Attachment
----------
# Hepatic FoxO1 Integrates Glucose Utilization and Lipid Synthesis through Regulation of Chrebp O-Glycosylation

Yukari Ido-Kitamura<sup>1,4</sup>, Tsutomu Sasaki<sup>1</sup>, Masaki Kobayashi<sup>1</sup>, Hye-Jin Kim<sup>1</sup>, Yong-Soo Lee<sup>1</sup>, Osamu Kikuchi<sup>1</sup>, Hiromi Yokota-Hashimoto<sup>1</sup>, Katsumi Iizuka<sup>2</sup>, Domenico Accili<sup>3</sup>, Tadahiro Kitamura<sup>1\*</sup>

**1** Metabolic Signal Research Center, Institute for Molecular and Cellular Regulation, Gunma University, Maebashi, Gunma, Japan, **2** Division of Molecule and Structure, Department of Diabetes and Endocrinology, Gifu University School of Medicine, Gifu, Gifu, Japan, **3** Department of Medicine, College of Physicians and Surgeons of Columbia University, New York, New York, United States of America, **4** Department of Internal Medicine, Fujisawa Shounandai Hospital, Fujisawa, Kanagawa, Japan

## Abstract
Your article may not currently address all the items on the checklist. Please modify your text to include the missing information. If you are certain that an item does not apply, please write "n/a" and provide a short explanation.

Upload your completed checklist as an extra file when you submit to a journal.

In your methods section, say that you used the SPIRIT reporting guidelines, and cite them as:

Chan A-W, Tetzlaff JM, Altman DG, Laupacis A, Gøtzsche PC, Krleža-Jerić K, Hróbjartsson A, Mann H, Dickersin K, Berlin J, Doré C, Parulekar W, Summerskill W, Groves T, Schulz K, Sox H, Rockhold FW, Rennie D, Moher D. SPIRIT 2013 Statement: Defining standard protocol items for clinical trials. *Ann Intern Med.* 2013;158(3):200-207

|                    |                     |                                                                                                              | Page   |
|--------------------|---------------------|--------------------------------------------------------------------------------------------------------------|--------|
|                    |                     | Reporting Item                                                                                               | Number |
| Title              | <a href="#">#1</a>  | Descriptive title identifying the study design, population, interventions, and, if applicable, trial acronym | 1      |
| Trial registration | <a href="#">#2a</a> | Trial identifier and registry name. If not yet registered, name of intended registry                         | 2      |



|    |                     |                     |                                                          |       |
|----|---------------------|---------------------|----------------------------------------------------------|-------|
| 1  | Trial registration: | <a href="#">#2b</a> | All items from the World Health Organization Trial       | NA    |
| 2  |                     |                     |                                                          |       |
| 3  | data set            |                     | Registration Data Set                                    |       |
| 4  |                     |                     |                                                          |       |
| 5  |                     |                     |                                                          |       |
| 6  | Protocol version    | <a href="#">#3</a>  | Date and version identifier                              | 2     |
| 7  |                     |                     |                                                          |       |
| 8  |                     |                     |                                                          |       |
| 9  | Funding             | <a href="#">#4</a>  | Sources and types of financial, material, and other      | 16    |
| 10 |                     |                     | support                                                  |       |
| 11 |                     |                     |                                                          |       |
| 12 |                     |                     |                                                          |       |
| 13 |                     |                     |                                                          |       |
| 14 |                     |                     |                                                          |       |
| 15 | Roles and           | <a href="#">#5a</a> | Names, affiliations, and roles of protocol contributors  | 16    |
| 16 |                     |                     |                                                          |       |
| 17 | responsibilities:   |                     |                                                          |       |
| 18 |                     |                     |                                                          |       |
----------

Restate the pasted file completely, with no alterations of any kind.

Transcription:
# Hepatic FoxO1 Integrates Glucose Utilization and Lipid Synthesis through Regulation of Chrebp O-Glycosylation

Yukari Ido-Kitamura<sup>1,4</sup>, Tsutomu Sasaki<sup>1</sup>, Masaki Kobayashi<sup>1</sup>, Hye-Jin Kim<sup>1</sup>, Yong-Soo Lee<sup>1</sup>, Osamu Kikuchi<sup>1</sup>, Hiromi Yokota-Hashimoto<sup>1</sup>, Katsumi Iizuka<sup>2</sup>, Domenico Accili<sup>3</sup>, Tadahiro Kitamura<sup>1\*</sup>

**1** Metabolic Signal Research Center, Institute for Molecular and Cellular Regulation, Gunma University, Maebashi, Gunma, Japan, **2** Division of Molecule and Structure, Department of Diabetes and Endocrinology, Gifu University School of Medicine, Gifu, Gifu, Japan, **3** Department of Medicine, College of Physicians and Surgeons of Columbia University, New York, New York, United States of America, **4** Department of Internal Medicine, Fujisawa Shounandai Hospital, Fujisawa, Kanagawa, Japan

## Abstract
Your article may not currently address all the items on the checklist. Please modify your text to include the missing information. If you are certain that an item does not apply, please write "n/a" and provide a short explanation.

Upload your completed checklist as an extra file when you submit to a journal.

In your methods section, say that you used the SPIRIT reporting guidelines, and cite them as:

Chan A-W, Tetzlaff JM, Altman DG, Laupacis A, Gøtzsche PC, Krleža-Jerić K, Hróbjartsson A, Mann H, Dickersin K, Berlin J, Doré C, Parulekar W, Summerskill W, Groves T, Schulz K, Sox H, Rockhold FW, Rennie D, Moher D. SPIRIT 2013 Statement: Defining standard protocol items for clinical trials. *Ann Intern Med.* 2013;158(3):200-207

|                    |                     |                                                                                                              | Page   |
|--------------------|---------------------|--------------------------------------------------------------------------------------------------------------|--------|
|                    |                     | Reporting Item                                                                                               | Number |
| Title              | <a href="#">#1</a>  | Descriptive title identifying the study design, population, interventions, and, if applicable, trial acronym | 1      |
| Trial registration | <a href="#">#2a</a> | Trial identifier and registry name. If not yet registered, name of intended registry                         | 2      |



|    |                     |                     |                                                          |       |
|----|---------------------|---------------------|----------------------------------------------------------|-------|
| 1  | Trial registration: | <a href="#">#2b</a> | All items from the World Health Organization Trial       | NA    |
| 2  |                     |                     |                                                          |       |
| 3  | data set            |                     | Registration Data Set                                    |       |
| 4  |                     |                     |                                                          |       |
| 5  |                     |                     |                                                          |       |
| 6  | Protocol version    | <a href="#">#3</a>  | Date and version identifier                              | 2     |
| 7  |                     |                     |                                                          |       |
| 8  |                     |                     |                                                          |       |
| 9  | Funding             | <a href="#">#4</a>  | Sources and types of financial, material, and other      | 16    |
| 10 |                     |                     | support                                                  |       |
| 11 |                     |                     |                                                          |       |
| 12 |                     |                     |                                                          |       |
| 13 |                     |                     |                                                          |       |
| 14 |                     |                     |                                                          |       |
| 15 | Roles and           | <a href="#">#5a</a> | Names, affiliations, and roles of protocol contributors  | 16    |
| 16 |                     |                     |                                                          |       |
| 17 | responsibilities:   |                     |                                                          |       |
| 18 |                     |                     |                                                          |       |